What’s meaningful to the government may not be to patients

The whole thing was rather awkward.

I have to admit that I was nervous. I perused the records before he walked through the exam room door. These conversations were always difficult and felt out of place in the office. But I had looked at the numbers over and over again. There was a glaring deficiency that had to be corrected. I planned to jump in right away, but we got sidetracked.

He wanted to discuss blood pressure. His cholesterol numbers were slightly off, and we spent quite a few minutes discussing the difference between HDL and LDL. I readily counseled on diet and exercise as my mind drifted to the unpleasant conversation that only I knew was coming. I wondered if I would ever get to my agenda.

During a brief pause, I thought I found my opening.

Unfortunately, he was just building up the confidence to talk about erectile dysfunction, That’s right, I was foiled by ED! Again, I waited patiently and listened as he described in detail his current situation. We discussed lifestyle modifications, medications, and finally the utility of blood tests for accurate diagnosis.

When he packed up his things to go, my face turned crimson. I knew there was no escaping. I started the conversation tentatively with a question.

I wonder if you could do me favor?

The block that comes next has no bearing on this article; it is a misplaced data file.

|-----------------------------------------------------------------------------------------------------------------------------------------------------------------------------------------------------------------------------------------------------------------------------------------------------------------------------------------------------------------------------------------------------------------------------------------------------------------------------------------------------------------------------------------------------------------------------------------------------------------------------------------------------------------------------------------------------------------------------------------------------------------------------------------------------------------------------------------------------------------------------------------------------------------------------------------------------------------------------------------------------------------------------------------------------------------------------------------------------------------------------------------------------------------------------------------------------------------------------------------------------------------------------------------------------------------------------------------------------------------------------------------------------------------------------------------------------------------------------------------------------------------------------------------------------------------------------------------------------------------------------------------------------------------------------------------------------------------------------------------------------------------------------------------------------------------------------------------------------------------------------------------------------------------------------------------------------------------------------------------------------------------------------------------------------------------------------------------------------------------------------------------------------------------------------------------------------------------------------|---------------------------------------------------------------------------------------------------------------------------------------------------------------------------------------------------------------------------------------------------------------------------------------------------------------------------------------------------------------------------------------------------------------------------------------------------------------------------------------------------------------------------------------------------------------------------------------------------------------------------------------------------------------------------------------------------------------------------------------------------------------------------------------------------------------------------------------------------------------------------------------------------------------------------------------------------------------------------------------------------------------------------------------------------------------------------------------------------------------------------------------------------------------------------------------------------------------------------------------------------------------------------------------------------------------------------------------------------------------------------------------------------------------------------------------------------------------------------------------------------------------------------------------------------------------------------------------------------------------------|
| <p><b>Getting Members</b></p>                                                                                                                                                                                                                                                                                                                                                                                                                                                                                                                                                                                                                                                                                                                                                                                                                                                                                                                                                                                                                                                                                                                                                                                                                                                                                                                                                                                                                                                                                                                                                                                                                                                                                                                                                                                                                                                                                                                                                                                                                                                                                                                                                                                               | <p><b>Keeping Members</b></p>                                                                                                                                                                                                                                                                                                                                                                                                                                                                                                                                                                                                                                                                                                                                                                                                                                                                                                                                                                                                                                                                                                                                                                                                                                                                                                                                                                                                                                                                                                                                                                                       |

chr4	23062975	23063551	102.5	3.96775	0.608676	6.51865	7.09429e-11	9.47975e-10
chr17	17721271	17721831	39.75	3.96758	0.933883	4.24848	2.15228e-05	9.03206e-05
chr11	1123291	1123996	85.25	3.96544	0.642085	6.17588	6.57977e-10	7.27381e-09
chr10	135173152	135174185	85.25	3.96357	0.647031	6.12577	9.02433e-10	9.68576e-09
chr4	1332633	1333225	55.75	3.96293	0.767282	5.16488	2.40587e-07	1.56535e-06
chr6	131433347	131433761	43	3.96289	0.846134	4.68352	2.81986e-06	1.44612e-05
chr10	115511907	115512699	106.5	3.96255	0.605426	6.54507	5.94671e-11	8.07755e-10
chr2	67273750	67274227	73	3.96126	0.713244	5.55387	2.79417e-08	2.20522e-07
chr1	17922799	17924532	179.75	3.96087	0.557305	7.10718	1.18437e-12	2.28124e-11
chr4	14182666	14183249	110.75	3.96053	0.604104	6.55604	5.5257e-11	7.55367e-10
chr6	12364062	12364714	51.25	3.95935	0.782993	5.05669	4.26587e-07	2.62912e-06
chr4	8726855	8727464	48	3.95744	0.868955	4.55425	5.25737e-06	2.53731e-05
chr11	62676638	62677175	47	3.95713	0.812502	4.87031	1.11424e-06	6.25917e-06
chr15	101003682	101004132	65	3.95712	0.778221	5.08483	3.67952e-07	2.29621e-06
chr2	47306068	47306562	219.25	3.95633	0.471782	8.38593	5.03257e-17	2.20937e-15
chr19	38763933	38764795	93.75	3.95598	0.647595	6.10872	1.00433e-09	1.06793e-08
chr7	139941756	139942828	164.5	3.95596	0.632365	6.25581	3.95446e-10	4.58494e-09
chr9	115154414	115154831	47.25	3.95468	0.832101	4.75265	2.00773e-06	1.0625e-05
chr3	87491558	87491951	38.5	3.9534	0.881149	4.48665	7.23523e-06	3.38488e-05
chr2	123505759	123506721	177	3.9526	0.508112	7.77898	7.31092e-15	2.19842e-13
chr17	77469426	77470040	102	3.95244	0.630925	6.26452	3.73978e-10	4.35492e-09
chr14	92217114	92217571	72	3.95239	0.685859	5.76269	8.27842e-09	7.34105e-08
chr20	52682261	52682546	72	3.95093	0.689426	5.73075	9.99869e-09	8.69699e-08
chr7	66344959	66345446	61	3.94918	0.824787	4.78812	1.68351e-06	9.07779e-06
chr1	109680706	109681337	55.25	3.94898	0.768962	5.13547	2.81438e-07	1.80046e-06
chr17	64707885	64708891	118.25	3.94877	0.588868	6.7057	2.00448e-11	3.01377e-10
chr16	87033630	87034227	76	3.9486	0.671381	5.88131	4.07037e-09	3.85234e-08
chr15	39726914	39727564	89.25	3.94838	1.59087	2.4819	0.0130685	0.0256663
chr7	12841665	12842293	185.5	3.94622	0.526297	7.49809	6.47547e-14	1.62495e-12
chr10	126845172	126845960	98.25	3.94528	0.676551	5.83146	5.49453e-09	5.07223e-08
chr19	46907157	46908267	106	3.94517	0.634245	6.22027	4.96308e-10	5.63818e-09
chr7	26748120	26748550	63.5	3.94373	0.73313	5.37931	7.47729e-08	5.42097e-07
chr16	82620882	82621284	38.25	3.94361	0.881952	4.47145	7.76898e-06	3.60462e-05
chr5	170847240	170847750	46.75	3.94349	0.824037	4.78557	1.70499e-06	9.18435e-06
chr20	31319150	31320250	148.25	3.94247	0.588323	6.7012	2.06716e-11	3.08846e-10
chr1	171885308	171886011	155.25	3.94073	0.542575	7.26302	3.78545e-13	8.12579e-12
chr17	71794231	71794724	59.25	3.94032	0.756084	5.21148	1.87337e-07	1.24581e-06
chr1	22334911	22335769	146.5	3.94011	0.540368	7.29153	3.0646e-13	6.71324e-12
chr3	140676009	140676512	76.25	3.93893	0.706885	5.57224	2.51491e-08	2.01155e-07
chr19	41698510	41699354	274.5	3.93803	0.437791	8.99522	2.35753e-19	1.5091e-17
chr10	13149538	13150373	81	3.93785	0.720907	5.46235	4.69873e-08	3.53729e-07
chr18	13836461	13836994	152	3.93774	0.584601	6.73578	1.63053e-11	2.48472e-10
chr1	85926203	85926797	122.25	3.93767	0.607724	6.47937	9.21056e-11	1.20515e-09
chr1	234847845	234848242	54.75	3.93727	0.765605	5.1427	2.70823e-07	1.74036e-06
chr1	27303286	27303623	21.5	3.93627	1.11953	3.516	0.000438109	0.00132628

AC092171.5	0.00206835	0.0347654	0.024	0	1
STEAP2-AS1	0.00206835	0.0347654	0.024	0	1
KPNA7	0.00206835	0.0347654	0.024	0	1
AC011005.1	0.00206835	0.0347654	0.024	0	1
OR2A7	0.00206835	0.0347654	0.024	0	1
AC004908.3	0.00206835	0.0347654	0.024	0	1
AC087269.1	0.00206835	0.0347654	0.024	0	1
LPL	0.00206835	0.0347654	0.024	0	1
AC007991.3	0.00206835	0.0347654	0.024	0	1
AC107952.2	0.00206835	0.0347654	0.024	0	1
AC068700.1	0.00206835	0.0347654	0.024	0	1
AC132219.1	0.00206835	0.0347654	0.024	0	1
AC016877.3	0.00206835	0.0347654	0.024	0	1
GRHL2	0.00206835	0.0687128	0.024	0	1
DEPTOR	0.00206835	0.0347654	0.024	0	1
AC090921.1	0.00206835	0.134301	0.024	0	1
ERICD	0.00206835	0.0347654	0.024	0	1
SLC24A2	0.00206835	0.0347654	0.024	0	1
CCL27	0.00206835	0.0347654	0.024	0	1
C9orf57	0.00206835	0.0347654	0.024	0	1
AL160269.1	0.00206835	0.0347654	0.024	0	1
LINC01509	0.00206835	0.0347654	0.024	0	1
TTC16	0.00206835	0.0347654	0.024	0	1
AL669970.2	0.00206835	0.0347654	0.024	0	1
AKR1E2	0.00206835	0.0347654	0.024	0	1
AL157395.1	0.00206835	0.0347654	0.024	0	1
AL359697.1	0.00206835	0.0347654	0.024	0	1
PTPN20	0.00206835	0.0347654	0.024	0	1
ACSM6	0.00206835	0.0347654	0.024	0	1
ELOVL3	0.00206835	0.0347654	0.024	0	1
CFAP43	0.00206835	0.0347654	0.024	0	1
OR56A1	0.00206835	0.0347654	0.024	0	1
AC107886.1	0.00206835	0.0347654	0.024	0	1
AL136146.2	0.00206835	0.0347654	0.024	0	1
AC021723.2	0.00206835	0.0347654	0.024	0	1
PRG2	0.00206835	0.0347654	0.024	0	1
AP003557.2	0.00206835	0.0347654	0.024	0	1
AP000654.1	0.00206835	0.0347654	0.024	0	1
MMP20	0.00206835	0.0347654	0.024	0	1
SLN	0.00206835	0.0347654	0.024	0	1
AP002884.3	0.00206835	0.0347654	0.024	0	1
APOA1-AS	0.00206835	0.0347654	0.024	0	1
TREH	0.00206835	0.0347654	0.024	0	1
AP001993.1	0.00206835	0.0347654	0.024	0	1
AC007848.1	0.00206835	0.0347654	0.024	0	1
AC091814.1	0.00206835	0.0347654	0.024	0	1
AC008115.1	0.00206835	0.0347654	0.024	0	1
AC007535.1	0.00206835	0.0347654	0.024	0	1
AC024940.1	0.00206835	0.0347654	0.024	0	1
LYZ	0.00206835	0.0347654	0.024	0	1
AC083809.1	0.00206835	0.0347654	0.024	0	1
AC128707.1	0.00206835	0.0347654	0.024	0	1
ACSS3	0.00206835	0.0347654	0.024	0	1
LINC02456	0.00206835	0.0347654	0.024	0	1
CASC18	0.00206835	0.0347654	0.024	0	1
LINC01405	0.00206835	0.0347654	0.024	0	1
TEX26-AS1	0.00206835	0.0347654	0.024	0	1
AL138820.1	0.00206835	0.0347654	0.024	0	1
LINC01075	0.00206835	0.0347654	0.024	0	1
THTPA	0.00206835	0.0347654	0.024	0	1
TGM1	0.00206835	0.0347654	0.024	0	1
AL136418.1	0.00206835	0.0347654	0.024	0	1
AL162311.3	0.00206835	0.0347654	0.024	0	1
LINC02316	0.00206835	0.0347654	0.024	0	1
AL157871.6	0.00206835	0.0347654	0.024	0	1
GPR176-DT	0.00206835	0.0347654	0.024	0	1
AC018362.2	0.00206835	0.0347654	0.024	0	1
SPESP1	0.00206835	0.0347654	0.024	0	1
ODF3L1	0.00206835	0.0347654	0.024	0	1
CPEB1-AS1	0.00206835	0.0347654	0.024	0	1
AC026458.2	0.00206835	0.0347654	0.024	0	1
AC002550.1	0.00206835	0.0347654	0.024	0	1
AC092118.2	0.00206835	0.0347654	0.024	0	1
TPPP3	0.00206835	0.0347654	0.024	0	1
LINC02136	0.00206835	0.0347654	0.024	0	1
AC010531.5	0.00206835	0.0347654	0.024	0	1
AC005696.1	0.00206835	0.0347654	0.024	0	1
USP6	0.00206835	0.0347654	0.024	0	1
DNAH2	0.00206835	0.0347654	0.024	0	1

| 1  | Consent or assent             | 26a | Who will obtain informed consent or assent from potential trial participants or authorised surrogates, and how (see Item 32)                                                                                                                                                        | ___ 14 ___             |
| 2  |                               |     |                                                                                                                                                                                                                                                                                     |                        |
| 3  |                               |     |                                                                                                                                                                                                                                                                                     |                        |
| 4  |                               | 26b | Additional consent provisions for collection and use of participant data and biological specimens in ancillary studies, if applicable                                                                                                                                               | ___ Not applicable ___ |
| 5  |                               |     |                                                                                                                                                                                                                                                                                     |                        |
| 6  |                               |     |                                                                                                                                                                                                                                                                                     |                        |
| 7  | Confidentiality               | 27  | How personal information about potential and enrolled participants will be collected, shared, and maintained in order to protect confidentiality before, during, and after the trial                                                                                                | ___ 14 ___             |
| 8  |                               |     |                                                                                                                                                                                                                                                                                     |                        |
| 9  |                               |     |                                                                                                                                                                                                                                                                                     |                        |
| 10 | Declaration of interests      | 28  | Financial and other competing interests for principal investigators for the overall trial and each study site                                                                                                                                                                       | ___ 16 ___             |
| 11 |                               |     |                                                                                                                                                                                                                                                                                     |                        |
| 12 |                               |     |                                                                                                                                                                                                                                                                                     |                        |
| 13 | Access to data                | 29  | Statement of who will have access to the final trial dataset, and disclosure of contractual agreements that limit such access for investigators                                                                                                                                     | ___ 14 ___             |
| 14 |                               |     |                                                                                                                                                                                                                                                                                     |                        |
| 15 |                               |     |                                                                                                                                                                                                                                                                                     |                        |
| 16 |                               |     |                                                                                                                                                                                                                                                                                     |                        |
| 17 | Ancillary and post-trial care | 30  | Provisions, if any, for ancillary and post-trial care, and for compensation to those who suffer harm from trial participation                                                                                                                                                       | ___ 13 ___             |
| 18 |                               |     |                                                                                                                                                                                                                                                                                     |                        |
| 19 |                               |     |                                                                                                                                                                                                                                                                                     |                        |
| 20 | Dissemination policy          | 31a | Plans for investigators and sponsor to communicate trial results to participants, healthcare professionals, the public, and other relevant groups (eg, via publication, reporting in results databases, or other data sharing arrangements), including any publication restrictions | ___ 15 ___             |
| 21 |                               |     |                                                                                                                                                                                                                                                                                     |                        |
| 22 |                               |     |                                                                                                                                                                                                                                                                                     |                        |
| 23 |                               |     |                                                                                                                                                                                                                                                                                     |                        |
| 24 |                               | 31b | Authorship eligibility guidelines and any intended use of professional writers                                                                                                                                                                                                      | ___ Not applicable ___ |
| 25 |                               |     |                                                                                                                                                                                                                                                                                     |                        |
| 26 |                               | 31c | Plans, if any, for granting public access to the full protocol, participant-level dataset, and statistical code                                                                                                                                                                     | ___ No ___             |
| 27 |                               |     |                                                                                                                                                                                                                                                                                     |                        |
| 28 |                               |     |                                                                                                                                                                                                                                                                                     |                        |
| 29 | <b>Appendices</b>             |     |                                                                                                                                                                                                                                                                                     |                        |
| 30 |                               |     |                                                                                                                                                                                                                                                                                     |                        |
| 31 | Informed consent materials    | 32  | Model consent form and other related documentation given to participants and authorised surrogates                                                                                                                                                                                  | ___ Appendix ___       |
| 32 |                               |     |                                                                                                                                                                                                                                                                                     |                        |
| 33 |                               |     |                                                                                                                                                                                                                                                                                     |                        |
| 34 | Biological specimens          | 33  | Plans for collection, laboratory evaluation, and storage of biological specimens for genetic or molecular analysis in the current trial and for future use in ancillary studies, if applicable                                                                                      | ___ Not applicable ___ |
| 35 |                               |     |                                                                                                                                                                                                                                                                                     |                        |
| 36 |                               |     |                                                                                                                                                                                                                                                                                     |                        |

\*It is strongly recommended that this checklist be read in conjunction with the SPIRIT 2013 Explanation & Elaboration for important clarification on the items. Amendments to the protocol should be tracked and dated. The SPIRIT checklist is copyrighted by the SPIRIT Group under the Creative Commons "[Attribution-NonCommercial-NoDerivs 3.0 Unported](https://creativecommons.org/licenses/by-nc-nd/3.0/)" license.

He looked at me quizzically as I tried to explain. I described meaningful use and the reasons the government had enacted such policies. I directed that he would get an email inviting him to join a patient portal so that he could access his medical information remotely including medicine lists, diagnoses, etc.

I told him that I was being graded on participation, and would suffer economic consequences if I failed to enroll adequate numbers of patients and have them message me through the system. I begged, nay pleaded, that he would go home and sign up today.

He shook his head. He had done this once before with the hospital and spent hours trying to sort through password problems before he gave up. He swore he would never participate in such silliness again.

Besides, I never really look at that stuff anyway. If I have a question, I just call you, and you answer right away!

I have had a patient portal available for two years now. To date, almost none of my patients have signed up for it even though they get email reminders regularly.

The outcry of late has been, “No MU without Me.”

Apparently what is meaningful to the government and even health care advocates, may not be to the average patient.

Jordan Grumet is an internal medicine physician who blogs at In My Humble Opinion. Watch his talk at dotMED 2013, Caring 2.0: Social Media and the Rise Of The Empathic Physician. He is the author of I Am Your Doctor: and This Is My Humble Opinion.

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